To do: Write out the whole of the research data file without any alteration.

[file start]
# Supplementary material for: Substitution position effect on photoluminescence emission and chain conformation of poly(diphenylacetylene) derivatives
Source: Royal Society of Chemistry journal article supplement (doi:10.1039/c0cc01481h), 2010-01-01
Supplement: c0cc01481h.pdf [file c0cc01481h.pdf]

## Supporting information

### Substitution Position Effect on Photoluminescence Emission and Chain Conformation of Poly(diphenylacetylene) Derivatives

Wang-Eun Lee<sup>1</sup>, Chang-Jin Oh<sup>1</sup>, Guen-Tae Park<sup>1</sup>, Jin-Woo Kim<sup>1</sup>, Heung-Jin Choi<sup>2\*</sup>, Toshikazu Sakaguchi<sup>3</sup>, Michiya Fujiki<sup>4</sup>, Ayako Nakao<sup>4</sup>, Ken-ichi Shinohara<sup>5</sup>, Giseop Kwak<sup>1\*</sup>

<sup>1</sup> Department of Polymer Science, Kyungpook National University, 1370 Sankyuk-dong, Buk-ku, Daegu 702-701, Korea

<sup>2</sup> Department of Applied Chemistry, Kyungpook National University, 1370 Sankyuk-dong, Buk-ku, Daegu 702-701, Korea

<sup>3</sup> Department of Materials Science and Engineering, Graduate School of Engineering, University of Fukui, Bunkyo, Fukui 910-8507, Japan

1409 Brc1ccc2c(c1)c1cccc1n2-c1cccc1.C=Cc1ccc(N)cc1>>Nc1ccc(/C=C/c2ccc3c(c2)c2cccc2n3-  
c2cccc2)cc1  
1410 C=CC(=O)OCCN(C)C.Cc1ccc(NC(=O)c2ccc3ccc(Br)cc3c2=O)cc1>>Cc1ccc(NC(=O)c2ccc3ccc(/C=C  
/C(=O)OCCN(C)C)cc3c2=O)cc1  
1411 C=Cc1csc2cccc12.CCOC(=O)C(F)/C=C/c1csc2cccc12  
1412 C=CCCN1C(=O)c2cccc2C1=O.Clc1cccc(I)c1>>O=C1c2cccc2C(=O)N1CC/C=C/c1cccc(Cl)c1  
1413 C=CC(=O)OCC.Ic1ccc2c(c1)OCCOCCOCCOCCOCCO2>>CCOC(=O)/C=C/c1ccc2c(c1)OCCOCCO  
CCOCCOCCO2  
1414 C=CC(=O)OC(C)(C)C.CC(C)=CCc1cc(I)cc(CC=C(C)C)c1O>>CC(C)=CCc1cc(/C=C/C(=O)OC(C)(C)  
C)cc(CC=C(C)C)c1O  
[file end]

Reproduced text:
# Supplementary material for: Substitution position effect on photoluminescence emission and chain conformation of poly(diphenylacetylene) derivatives
Source: Royal Society of Chemistry journal article supplement (doi:10.1039/c0cc01481h), 2010-01-01
Supplement: c0cc01481h.pdf [file c0cc01481h.pdf]

## Supporting information

### Substitution Position Effect on Photoluminescence Emission and Chain Conformation of Poly(diphenylacetylene) Derivatives

Wang-Eun Lee<sup>1</sup>, Chang-Jin Oh<sup>1</sup>, Guen-Tae Park<sup>1</sup>, Jin-Woo Kim<sup>1</sup>, Heung-Jin Choi<sup>2\*</sup>, Toshikazu Sakaguchi<sup>3</sup>, Michiya Fujiki<sup>4</sup>, Ayako Nakao<sup>4</sup>, Ken-ichi Shinohara<sup>5</sup>, Giseop Kwak<sup>1\*</sup>

<sup>1</sup> Department of Polymer Science, Kyungpook National University, 1370 Sankyuk-dong, Buk-ku, Daegu 702-701, Korea

<sup>2</sup> Department of Applied Chemistry, Kyungpook National University, 1370 Sankyuk-dong, Buk-ku, Daegu 702-701, Korea

<sup>3</sup> Department of Materials Science and Engineering, Graduate School of Engineering, University of Fukui, Bunkyo, Fukui 910-8507, Japan

1409 Brc1ccc2c(c1)c1cccc1n2-c1cccc1.C=Cc1ccc(N)cc1>>Nc1ccc(/C=C/c2ccc3c(c2)c2cccc2n3-  
c2cccc2)cc1  
1410 C=CC(=O)OCCN(C)C.Cc1ccc(NC(=O)c2ccc3ccc(Br)cc3c2=O)cc1>>Cc1ccc(NC(=O)c2ccc3ccc(/C=C  
/C(=O)OCCN(C)C)cc3c2=O)cc1  
1411 C=Cc1csc2cccc12.CCOC(=O)C(F)/C=C/c1csc2cccc12  
1412 C=CCCN1C(=O)c2cccc2C1=O.Clc1cccc(I)c1>>O=C1c2cccc2C(=O)N1CC/C=C/c1cccc(Cl)c1  
1413 C=CC(=O)OCC.Ic1ccc2c(c1)OCCOCCOCCOCCOCCO2>>CCOC(=O)/C=C/c1ccc2c(c1)OCCOCCO  
CCOCCOCCO2  
1414 C=CC(=O)OC(C)(C)C.CC(C)=CCc1cc(I)cc(CC=C(C)C)c1O>>CC(C)=CCc1cc(/C=C/C(=O)OC(C)(C)  
C)cc(CC=C(C)C)c1O  